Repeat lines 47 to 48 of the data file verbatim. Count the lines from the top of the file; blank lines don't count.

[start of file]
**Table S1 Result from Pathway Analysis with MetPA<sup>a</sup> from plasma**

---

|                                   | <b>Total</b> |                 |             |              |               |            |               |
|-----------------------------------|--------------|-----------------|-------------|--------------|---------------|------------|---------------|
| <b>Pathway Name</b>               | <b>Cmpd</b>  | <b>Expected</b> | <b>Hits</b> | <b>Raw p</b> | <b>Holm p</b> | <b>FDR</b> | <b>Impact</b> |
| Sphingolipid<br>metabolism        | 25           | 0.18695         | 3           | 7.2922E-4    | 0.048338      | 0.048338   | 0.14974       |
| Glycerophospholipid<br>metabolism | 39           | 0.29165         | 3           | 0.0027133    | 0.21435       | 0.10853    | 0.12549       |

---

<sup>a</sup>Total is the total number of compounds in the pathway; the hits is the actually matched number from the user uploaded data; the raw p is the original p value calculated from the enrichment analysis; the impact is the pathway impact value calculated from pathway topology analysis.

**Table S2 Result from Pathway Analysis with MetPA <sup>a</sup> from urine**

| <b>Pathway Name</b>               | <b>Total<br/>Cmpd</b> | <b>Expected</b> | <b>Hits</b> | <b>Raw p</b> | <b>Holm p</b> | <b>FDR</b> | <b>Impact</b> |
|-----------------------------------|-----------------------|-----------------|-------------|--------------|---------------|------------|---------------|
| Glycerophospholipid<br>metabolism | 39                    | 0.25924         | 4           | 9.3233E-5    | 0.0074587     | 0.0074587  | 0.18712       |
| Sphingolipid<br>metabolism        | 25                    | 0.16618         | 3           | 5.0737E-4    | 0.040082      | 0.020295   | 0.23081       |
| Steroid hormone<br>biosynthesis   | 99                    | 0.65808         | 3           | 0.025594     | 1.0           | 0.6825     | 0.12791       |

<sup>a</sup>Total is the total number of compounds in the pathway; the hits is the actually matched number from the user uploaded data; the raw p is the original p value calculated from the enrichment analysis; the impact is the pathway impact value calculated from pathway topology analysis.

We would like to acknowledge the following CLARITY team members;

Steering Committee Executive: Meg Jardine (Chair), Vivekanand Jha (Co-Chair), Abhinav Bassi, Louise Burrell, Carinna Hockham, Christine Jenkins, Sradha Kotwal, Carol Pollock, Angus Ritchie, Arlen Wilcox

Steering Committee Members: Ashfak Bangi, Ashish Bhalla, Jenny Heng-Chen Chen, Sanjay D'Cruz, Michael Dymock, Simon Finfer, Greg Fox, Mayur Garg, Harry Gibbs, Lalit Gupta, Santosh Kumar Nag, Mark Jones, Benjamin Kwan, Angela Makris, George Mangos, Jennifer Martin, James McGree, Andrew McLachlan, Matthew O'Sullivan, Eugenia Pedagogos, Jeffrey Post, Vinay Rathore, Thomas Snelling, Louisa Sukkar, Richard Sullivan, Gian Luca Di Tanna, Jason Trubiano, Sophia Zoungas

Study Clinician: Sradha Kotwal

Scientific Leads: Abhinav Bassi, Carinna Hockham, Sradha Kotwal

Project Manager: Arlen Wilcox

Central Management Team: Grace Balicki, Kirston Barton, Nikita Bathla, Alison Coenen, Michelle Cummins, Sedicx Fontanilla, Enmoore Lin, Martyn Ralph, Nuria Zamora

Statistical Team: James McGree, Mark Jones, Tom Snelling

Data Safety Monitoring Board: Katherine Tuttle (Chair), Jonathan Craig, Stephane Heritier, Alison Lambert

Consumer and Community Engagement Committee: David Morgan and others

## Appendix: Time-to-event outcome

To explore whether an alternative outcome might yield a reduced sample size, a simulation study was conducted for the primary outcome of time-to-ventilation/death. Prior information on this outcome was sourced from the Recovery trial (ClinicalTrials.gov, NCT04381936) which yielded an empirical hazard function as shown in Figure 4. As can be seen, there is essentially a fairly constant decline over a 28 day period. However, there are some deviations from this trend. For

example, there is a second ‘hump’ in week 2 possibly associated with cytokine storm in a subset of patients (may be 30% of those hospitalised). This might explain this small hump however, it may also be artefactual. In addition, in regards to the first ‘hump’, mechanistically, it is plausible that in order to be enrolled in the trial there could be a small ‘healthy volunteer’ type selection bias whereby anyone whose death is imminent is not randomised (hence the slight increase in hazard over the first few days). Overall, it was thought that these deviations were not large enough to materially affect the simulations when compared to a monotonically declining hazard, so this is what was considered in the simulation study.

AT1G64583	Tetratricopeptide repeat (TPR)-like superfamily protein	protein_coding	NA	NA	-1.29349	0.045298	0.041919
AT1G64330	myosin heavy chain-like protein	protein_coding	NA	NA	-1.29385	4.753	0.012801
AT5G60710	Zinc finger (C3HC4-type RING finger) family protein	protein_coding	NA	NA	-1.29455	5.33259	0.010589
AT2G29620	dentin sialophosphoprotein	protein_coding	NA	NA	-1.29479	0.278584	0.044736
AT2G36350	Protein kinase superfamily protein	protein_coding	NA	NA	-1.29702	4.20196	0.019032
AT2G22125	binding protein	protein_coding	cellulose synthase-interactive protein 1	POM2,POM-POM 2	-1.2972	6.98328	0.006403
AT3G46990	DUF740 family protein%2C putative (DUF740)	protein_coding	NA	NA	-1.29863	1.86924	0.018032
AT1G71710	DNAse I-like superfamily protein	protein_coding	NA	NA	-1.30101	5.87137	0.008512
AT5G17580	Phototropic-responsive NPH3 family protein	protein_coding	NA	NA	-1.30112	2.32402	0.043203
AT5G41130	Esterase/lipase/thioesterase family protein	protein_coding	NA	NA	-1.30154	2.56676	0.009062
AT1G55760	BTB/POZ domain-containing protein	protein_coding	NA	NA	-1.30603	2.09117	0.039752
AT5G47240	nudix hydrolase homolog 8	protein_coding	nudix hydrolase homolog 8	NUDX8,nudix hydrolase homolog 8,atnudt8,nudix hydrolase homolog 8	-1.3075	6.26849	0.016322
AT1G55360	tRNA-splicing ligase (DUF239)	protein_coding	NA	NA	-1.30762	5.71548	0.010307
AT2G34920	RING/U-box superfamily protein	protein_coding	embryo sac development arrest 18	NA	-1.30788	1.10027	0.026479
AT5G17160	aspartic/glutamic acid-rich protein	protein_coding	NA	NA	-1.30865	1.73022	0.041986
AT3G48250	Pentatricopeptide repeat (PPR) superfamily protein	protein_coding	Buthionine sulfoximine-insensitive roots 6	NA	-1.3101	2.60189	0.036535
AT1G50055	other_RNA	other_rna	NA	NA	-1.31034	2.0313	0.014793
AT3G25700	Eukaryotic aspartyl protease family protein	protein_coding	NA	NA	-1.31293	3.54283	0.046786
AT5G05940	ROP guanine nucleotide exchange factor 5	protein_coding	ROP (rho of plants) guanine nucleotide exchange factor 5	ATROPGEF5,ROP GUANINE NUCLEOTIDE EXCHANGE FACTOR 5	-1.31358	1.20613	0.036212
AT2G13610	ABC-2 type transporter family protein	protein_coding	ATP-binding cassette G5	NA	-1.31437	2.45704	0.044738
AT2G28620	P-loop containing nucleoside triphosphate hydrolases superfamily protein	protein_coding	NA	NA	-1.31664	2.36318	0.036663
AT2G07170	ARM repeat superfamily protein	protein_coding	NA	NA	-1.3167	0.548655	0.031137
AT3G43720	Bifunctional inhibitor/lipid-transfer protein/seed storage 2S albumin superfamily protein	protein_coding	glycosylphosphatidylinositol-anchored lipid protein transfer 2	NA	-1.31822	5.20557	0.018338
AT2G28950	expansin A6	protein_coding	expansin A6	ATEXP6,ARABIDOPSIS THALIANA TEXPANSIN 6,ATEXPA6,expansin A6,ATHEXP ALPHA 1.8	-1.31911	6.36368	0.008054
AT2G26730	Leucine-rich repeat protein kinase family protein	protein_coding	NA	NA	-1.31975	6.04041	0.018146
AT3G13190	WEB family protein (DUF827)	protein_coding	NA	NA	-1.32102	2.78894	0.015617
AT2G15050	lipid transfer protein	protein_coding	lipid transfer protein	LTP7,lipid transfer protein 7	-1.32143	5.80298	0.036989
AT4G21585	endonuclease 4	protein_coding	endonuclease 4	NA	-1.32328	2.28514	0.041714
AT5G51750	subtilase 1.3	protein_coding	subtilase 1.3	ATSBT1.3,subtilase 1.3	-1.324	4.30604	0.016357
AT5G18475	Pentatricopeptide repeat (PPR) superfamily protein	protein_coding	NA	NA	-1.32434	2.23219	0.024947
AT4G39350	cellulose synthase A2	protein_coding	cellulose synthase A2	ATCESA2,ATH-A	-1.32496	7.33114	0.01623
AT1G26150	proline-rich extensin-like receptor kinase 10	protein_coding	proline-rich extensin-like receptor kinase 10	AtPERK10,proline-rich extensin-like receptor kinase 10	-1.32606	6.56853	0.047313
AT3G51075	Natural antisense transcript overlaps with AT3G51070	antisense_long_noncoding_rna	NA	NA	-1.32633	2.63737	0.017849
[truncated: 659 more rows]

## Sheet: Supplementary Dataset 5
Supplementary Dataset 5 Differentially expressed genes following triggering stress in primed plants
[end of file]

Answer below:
AT3G25700	Eukaryotic aspartyl protease family protein	protein_coding	NA	NA	-1.31293	3.54283	0.046786
AT5G05940	ROP guanine nucleotide exchange factor 5	protein_coding	ROP (rho of plants) guanine nucleotide exchange factor 5	ATROPGEF5,ROP GUANINE NUCLEOTIDE EXCHANGE FACTOR 5	-1.31358	1.20613	0.036212